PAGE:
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Boston may have had a banner year for affordable housing in 2018, but policymakers and developers recognize there is more to be done to make the city a more affordable and inclusive place to live.
There were 546 new units of affordable housing created in Boston in 2018, according to a report on the city’s Inclusionary Development Policy. That is 21% of the 2,599 units created since the IDP began in 2000. Despite the development ramp-up, Boston’s real estate community stresses everyone involved is needed to continue to tackle the region’s housing crisis and achieve housing targets set by various Massachusetts leaders.
“This is without a doubt all hands on deck. Nobody can do this alone,” MassDevelopment Senior Vice President Tony Fracasso said. “The developers, the funders and the communities, everybody that has a vested interested or say in a project going forward, needs buy-in to make these numbers happen.”
It isn’t cheap to develop housing or live in Boston. One-bedroom residential units can cost $450K to construct, and the median rent for the same unit runs $2,400/month. But the city and state say they are taking affordable housing seriously, utilizing a mix of federal and local programs.
“Nationwide, nothing has been more effective than the Low-Income Housing Tax Credit in creating and preserving affordable housing,” Berkadia Senior Director Gemma Geldmacher said. “Certain states like Massachusetts have also implemented additional programs and subsidies that have added to the federal framework and further incentivized production and preservation.”
Fracasso and Beacon Communities CEO Dara Kovel, who are both speaking with Geldmacher at Bisnow’s Boston Affordable Housing Conference on April 9, said developers often pair the Low-Income Housing Tax Credit with tax-exempt bonds to create affordable housing projects in Massachusetts.
Massachusetts also has its own tax credit program to allow further affordable housing opportunities. There are programs like the Affordable Housing Trust Program, the Housing Stabilization and Investment Fund, the Capital Improvement and Preservation Trust Fund, the Housing Innovations Fund and the Facilities Consolidation Fund, among others.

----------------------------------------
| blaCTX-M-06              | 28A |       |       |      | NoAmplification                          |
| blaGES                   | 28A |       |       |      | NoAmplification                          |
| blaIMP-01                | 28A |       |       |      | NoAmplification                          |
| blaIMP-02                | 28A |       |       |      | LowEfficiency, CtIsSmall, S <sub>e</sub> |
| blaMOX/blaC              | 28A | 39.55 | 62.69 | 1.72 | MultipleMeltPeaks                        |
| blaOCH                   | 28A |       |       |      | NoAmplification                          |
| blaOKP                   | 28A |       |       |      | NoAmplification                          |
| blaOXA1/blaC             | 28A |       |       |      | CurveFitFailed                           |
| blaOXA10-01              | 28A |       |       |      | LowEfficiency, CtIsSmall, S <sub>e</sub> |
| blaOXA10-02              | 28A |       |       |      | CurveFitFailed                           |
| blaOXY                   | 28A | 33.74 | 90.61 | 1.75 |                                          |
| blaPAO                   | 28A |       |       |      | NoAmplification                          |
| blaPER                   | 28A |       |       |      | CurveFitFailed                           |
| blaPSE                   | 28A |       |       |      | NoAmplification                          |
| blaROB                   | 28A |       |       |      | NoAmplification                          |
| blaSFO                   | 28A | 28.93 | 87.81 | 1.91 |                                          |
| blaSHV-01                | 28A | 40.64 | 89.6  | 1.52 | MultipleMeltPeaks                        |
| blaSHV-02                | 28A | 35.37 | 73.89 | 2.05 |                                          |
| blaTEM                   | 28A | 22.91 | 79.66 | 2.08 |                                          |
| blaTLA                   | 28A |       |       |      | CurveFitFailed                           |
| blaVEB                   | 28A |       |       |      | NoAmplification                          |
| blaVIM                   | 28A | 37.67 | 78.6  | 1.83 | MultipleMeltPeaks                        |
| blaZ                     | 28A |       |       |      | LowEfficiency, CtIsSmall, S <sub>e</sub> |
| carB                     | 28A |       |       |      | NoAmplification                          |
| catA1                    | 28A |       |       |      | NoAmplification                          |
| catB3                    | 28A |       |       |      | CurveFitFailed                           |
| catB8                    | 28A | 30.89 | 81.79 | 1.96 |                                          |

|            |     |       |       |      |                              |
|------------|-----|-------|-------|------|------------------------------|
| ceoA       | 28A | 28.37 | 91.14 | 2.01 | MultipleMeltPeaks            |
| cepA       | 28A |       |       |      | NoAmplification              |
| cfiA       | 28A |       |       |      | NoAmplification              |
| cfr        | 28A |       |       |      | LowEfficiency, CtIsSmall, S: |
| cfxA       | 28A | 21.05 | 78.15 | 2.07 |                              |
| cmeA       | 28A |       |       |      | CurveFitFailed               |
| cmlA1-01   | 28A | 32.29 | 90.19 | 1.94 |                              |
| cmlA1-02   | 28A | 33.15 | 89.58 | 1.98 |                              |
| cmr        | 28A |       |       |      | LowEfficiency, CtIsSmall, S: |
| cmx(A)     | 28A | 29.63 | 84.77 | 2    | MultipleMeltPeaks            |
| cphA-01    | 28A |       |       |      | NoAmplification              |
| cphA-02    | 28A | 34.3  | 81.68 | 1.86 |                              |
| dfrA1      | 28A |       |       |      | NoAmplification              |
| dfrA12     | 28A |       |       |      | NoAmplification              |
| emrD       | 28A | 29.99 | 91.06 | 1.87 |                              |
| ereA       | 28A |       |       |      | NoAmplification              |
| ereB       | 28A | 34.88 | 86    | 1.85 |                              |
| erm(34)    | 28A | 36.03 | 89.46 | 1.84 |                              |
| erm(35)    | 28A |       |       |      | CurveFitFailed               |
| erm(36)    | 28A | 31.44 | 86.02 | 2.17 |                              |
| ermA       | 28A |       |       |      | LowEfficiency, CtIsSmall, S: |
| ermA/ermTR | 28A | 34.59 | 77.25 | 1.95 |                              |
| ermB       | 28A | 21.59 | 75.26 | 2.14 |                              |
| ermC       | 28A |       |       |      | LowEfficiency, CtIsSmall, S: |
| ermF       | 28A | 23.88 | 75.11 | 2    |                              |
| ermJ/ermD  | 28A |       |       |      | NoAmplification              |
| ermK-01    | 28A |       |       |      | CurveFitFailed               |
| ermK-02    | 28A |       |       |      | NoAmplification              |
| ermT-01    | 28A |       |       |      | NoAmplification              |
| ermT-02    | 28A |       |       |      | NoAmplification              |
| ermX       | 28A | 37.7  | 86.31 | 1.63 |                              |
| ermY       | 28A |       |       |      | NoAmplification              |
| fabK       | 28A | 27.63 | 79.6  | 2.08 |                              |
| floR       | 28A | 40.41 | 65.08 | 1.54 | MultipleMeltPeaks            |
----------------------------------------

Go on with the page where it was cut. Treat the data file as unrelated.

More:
“This resource has allowed leverage of existing resources well beyond what most other states are doing,” Kovel said. “Each comes with targets and priorities but this menu of programs allows the commonwealth to achieve diverse housing options through the development community.”
At the city level, the IDP has been and continues to be Boston’s key tool in creating more affordable housing. The program requires developers of multifamily buildings with 10 units or more of housing to create on-site or off-site affordable units or contribute to the Inclusionary Development Policy Fund. Along with the 2,599 units, developers have contributed $137.1M to the fund since its creation.
But Boston isn’t relying solely on the IDP in its affordable housing mission.
While Boston Mayor Martin Walsh indicates there will be changes to the IDP in the future, he also introduced a 14-bill legislative package in January to “build a more inclusive and equitable city” that calls for more affordable housing funding and protections for low-income residents facing eviction.
He also singed into law a measure that regulates and restricts short-term rentals for units listed on websites like Airbnb to free up more housing stock for people who would sign a yearlong lease. The Walsh administration hopes to achieve the same result in its push for more student housing at the city’s numerous colleges and universities.
There are also numerous pledges for more housing across Massachusetts.
Walsh wants to see 69,000 units of new housing created by 2030, while Massachusetts Gov. Charlie Baker wants 135,000 statewide by 2025. A consortium of mayors in Greater Boston wants 185,000 new units of housing by 2030.
Along with lofty housing creation targets, some Massachusetts policymakers want to tackle the region’s affordability problem with an old solution: rent control. A group of state lawmakers, including Rep. Michael Connolly (D-Cambridge), intends to file a bill to allow municipalities in the state to enact rent control, which was banned across the state by voters in 1994.
While Oregon may have passed the first-of-its-kind statewide rent control earlier this year, panelists Bisnow spoke to warned that a similar measure could have adverse effects in Massachusetts’ efforts to tackle affordability.
“Rent control is a problem for owners, developers, managers and renters. The desire to build and invest in housing would be deeply hampered by rent control,” Kovel said. “We saw California toy with the idea of bringing in rent control statewide and, while we recognize there is certainly a problem in high-cost markets of gentrification and displacement, rent control is the nuclear option."
Hear Fracasso, Kovel, Geldmacher and others at Bisnow’s Boston Affordable Housing Conference on April 9 at the Boston Marriott Long Wharf.